rfcdiff – Dependency-Free, Bash Shell Script for Creating a Generic, Side-by-Side Diff in HTML

You’ve Been Here Before

Ask yourself these questions …

  • Have you ever had to share a “compare” (of just about anything) with non-developers, especially non-technical people, especially from UNIX/Linux?
  • Do they not know the first thing about ‘diff’?  Never heard of solutions like ViM or any IDE with such?  They really just want something colorful?
  • Do they not know how to much much other than MS Office or an HTML attachment, whatever they can click in Outlook or Sharepoint or some CMS system?

You know who you have, and with more frequency than desired.  And every time you run into this, you are often stuck in a situation with a Windows user, maybe a Mac user, usually one that doesn’t have anything remotely related to an Integrated Development Environment (IDE) like Visual Studio, a simple editing system like Vi Improved (ViM – I personally and professionally cannot live without gvimdiff) or Notepad++ (don’t laugh, it often comes up as the #1 in most Windows developer surveys, no joke) or anything that gives them much insight into editing files and tagging, highlighting and diving into differences.

For those of us who maintain developer environments and lifecycle, we’ve long had lots of Web front-ends.  Trac Integrated SCM & Project Management is the age-old, Python open source classic system that lets non-developer and even non-technical managers look at project timelines, and even into differences in commits, directory trees and code.  In the age of Agile, DevOps and other buzzwords that are actually little changed (at least from the code lifecycle standpoint), there are the Atlassian Stack and its Products,  which use an overlap of many components with various systems, or plug-ins that tie-in.

In most of these cases, the managers have a Wiki front-end, like Trac or Confluence, to tie into various mark-up, graphs and other details.  People can go into as much geekdom, or not, as desired.

Developers! Developers! Developers!

But what happens when …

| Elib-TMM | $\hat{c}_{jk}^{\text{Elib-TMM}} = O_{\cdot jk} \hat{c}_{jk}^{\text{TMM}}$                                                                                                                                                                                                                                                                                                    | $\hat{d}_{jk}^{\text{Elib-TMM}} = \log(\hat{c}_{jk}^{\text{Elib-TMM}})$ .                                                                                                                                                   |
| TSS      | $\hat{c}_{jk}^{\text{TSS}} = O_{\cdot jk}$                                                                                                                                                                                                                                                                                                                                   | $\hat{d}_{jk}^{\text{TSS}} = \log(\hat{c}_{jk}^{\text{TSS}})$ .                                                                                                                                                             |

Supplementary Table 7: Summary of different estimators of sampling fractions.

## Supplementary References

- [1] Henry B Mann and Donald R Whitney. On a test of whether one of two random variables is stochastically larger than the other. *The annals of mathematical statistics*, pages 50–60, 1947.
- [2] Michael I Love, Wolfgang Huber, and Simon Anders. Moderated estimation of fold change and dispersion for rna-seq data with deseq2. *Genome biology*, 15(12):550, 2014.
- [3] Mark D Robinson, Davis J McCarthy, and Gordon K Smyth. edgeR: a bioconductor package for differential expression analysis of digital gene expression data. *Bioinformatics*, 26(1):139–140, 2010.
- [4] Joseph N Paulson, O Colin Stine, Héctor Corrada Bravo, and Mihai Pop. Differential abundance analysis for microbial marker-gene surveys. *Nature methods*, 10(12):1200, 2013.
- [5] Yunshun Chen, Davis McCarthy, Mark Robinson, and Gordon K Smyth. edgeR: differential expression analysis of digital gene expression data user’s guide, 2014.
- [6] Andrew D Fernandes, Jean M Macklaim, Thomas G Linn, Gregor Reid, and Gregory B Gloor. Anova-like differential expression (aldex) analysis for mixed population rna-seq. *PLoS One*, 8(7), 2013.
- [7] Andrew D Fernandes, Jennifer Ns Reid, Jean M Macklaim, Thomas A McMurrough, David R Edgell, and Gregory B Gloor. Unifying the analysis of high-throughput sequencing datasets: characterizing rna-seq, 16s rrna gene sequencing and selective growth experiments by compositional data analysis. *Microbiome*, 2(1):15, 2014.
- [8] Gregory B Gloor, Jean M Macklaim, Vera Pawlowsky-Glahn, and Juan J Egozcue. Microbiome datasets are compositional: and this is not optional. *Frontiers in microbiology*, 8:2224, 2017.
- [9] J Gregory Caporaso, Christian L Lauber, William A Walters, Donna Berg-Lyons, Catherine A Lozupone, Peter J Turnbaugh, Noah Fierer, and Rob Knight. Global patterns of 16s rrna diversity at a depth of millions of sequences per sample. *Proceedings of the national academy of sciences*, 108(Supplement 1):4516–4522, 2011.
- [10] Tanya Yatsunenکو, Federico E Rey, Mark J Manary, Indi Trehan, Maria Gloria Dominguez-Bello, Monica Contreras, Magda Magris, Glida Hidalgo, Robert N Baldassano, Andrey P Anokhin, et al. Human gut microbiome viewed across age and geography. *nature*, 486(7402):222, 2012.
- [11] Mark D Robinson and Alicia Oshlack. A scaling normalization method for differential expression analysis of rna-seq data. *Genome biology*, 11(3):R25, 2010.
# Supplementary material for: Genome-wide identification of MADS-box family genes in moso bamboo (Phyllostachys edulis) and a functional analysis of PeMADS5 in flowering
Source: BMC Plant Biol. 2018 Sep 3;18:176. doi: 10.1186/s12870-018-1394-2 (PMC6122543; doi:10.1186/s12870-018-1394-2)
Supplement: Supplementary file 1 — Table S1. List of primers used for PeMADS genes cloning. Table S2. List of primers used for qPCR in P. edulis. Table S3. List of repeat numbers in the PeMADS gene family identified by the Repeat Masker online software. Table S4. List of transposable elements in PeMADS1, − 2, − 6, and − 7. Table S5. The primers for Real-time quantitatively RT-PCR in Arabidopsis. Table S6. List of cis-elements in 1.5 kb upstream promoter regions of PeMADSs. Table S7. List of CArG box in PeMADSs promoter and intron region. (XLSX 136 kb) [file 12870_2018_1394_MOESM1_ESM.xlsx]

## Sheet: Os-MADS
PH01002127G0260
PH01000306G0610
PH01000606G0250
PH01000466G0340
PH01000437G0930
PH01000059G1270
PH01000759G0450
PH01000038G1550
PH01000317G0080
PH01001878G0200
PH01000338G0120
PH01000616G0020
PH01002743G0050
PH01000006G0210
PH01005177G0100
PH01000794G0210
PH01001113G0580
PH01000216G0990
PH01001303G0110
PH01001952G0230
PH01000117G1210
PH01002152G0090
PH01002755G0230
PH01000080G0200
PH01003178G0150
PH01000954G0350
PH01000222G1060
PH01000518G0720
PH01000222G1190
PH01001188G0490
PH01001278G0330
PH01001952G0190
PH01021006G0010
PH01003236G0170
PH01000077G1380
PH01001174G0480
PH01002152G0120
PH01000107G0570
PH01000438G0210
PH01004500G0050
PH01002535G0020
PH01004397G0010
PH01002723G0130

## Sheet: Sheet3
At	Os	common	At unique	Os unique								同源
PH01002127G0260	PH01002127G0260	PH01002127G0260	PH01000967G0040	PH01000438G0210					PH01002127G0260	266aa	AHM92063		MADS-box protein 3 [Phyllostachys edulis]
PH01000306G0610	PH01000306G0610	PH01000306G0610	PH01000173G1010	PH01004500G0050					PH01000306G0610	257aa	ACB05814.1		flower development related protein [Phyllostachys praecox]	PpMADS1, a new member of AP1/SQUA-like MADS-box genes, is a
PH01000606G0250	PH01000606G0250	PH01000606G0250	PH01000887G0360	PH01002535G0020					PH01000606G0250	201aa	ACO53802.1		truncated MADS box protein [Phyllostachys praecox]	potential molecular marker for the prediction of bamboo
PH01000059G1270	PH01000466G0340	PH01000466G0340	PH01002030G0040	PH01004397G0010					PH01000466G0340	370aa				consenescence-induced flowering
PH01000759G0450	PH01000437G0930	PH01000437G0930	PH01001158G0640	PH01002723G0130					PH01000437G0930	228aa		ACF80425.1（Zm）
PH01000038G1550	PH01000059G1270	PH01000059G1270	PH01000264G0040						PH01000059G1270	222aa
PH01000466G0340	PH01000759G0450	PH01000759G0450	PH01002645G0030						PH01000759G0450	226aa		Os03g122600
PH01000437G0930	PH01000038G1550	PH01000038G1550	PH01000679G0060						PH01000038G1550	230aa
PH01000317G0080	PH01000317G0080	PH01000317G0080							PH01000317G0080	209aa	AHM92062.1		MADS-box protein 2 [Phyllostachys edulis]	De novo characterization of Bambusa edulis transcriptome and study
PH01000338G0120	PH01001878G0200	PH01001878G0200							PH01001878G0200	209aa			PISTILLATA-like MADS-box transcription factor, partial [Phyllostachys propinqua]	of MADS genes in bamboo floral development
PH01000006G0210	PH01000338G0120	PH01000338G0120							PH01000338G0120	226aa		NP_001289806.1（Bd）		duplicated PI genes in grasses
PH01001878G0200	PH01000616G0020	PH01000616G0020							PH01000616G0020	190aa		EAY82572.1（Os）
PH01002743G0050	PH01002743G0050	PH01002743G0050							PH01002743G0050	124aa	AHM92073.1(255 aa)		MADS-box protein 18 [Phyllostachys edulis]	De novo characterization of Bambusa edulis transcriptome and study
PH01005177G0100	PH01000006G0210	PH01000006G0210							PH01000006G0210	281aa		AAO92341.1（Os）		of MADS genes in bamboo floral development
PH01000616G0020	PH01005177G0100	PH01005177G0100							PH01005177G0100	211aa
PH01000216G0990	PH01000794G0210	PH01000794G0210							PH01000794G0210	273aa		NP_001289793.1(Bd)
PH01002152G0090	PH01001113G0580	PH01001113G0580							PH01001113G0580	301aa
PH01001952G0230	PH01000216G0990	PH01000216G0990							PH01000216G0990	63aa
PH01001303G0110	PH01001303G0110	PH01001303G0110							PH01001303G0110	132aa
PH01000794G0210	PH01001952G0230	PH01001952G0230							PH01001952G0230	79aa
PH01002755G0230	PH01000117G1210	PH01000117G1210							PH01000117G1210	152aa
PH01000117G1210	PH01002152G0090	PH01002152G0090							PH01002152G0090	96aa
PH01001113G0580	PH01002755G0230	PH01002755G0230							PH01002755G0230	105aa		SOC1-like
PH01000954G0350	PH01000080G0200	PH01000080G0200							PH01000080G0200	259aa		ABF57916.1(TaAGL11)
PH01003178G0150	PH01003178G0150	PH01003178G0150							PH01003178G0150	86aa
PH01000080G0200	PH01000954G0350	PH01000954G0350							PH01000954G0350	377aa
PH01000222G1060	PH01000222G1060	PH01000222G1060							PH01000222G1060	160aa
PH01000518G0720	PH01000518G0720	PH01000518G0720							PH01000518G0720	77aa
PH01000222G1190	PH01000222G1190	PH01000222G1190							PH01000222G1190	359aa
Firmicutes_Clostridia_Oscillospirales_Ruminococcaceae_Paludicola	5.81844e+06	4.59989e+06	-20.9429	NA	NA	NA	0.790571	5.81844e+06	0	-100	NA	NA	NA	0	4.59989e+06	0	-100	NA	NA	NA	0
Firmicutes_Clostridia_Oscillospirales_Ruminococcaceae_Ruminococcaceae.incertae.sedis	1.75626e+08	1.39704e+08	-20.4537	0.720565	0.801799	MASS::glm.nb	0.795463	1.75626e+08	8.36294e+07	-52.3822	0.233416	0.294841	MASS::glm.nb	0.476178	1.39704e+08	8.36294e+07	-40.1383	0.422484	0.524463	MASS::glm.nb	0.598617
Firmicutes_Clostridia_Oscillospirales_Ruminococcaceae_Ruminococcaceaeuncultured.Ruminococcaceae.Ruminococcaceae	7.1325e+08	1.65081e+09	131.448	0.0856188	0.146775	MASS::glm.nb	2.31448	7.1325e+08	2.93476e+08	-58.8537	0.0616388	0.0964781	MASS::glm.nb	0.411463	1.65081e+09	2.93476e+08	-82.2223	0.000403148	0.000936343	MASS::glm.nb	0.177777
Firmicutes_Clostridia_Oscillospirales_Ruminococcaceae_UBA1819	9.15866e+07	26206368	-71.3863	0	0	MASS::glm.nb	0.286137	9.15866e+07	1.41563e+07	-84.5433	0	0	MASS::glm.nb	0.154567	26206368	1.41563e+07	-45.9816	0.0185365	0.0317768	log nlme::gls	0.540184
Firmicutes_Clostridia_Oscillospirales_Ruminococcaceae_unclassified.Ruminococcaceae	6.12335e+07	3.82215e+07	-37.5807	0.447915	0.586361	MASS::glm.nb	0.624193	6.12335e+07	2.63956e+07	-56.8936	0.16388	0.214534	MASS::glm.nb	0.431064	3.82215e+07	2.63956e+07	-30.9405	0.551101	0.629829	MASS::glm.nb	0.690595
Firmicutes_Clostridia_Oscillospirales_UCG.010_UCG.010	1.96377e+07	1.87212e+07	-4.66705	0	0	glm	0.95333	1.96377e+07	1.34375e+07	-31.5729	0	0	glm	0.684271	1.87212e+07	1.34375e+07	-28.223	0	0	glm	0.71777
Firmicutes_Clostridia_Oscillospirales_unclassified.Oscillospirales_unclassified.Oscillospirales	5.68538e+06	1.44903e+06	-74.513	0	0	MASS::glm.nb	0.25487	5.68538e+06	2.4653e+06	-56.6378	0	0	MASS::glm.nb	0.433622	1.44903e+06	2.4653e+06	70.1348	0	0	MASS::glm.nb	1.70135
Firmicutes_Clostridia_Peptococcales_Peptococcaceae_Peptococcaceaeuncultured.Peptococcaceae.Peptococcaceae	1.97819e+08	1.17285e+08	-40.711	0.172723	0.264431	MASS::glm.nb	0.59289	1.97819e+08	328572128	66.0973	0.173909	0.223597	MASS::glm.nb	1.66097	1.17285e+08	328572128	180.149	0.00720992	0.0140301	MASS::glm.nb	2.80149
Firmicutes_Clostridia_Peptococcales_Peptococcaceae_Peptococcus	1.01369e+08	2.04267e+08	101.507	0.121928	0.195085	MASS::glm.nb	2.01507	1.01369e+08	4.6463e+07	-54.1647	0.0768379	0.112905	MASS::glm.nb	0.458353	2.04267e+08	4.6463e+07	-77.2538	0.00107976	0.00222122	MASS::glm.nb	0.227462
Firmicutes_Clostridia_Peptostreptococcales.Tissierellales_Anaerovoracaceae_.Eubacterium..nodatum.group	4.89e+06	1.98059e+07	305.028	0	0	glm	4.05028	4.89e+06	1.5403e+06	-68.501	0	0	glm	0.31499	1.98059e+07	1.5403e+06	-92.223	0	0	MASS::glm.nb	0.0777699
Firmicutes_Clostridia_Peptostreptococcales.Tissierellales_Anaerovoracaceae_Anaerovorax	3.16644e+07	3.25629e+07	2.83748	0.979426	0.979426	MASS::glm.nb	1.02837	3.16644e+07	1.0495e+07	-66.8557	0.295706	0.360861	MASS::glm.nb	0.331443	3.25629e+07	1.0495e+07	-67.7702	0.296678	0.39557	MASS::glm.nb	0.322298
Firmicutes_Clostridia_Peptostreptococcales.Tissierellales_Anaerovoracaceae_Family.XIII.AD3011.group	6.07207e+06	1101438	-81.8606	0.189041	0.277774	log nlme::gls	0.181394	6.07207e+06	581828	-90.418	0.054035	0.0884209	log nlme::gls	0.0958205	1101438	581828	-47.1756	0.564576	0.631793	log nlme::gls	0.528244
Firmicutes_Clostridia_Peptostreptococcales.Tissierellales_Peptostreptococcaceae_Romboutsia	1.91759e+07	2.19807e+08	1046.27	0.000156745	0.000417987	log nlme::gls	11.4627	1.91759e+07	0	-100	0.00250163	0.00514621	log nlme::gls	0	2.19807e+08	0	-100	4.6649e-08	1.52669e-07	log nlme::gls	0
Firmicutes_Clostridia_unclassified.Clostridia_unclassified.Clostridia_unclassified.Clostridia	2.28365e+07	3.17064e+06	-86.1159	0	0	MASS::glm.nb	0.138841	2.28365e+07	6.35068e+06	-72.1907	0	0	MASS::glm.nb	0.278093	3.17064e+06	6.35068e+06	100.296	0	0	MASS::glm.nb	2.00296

• You just need to mark up some general text, like showing differences between files, directory tress and other things not under version control or other management?
  • You don’t have a stack you can use or, better yet, someone that wants to view something doesn’t have a login to that lifecycle system to view?
  • The person you’re talking to doesn’t understand the first thing about these details?  Why they even need to use ‘that developer software’?

A lot of us infrastructure architects and DevOps gurus have been developers at one point, or had to fill in on a project as one, or just had to deal with the build, target or other management, because the developers weren’t familiar with aspects outside of their IDE, or they can’t go below 4G or for whatever reason.  So we often get into the guts and start hacking up some code ourselves.

For syntax highlighting, we’ll start looking at things like pushing pre-processed syntax through GNU Enscript or, in the ’10s, Python’s Pygments or similar tools.  And soon we’ll dive into all sorts of dependencies, and building those and setting up all sorts of trees and, in general, have a lot of fun just pushing through a lot of flexible, modular code to do all sorts of cool things that is overkill.  But we do it, to re-familiarize ourselves, to update ourselves, and to find out what various, cool utilities are now out there that use these functions.

So I literally spent some time looking at this the weekend, and getting it setup on my Fedora system, getting it working … all to come into work, and realize I’m totally missing a lot on 2014-era Red Hat Enterprise Linux (RHEL) release 7.  Even adding in the Fedora Project’s Extra Packages for Enterprise Linux (EPEL) repository, still missing a lot, or on older versions of software like Pygments 1.6 (instead of 2.2), etc…  I did a lot of Upstream overkill at home, because I wanted to see it all piecemeal, but really for no capability on an Enterprise platform (and if you’re a developer, please don’t scoff at RHEL … some of us have to maintain a platform for your code 7-10 years after you’ve moved on), hence why we have these ‘canned’ systems like Trac and Atlassian and others that package it all for us.

And in many cases, uploading internal files and/or information up into the Internet to use the variety of tools is not going to be allowed.

Simple Shell Scripts Still Rule

I literally smacked my forehead on Monday around lunchtime when I just started throwing off as many Google searches for as many things as I could find, and came across a GNU Bourne Again Shell (bash) Script I wish I knew about years ago … the Internet Engineering Task Force’s (IETF’s) rfcdiff.   Yes, there is the on-line version, but they offer a completely off-line, standalone script (direct link to the latest) with virtually zero (0) dependencies! (it’ll probably ‘just work” on most UNIX flavors with Bash too).

No need to grab the full tarball, although if you redistribute it, yes, grab it all like for 1.45 for obvious attribution, license, legal and other reasons.